Map showing the path taken by O'Byrnes on raids against the English Pale
Raiding circuit of Hugh MacShane O'Byrne

Upon succeeding his father Hugh, Fiach (“the Raven”) MacHugh O’Byrne earned a name as the “Firebrand of Wicklow,” fomenting and supporting rebellion in Leinster from the Desmond Rebellions through to his death in 1597, in the midst of Tyrone’s Rebellion. Gaelic rebels, harpers and poets from all over Ireland hiked up the mountains to Ballinacor to receive the largess of Fiach, for the poets exulted that there was no shortage of gold to plate sword hilts thanks to Fiach’s extensive raiding. Goblets, rings and cattle were bestowed upon the poets in return for the poems that fill the Leabhar Branach, or Poem Book of the O’Byrnes. This book brought the O’Byrnes into controversy again recently when historian Brendan Bradshaw used a number of it’s poems to build his thesis that in Ballinacor a nascent Gaelic Irish nationalism had emerged, with the poets praising Fiach as a figure of national and ethnic importance, rather than a mere local warlord. This was counter to the position, first outlined by Michelle O’Riordan (The Gaelic Mind and the Collapse of the Gaelic World), that the poets remained oblivious to larger issues of national politics until the end. The firestorm hasn’t yet subsided—we largely favor Bradshaw’s interpretation here ;-)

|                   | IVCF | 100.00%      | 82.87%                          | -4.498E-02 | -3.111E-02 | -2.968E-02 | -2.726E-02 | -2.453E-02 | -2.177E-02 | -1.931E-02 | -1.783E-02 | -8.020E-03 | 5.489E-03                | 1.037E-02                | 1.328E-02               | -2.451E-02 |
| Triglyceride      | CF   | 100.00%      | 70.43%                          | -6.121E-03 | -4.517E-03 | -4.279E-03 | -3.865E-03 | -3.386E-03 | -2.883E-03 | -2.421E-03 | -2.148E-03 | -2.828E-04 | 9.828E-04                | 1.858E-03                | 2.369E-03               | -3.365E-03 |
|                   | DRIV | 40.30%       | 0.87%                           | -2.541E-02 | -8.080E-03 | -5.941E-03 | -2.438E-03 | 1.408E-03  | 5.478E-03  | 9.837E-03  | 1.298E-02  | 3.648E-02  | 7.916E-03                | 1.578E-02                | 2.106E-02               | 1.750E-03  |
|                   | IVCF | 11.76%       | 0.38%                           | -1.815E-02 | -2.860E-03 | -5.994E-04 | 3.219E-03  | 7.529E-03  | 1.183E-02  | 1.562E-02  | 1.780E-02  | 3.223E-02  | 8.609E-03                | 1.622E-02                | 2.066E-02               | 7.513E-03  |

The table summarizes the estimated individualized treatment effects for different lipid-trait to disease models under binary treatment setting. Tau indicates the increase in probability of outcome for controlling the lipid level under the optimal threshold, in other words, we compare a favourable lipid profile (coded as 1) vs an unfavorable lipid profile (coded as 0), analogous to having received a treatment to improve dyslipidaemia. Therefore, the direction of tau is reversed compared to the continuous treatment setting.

Rath settlement at Ballinacor in the Wicklow mountains, depicted on the 1837 six inch ordnance map.
Two of the raths at Ballinacor, highlighted by a red dot, as seen on the 1837 six inch ordnance map.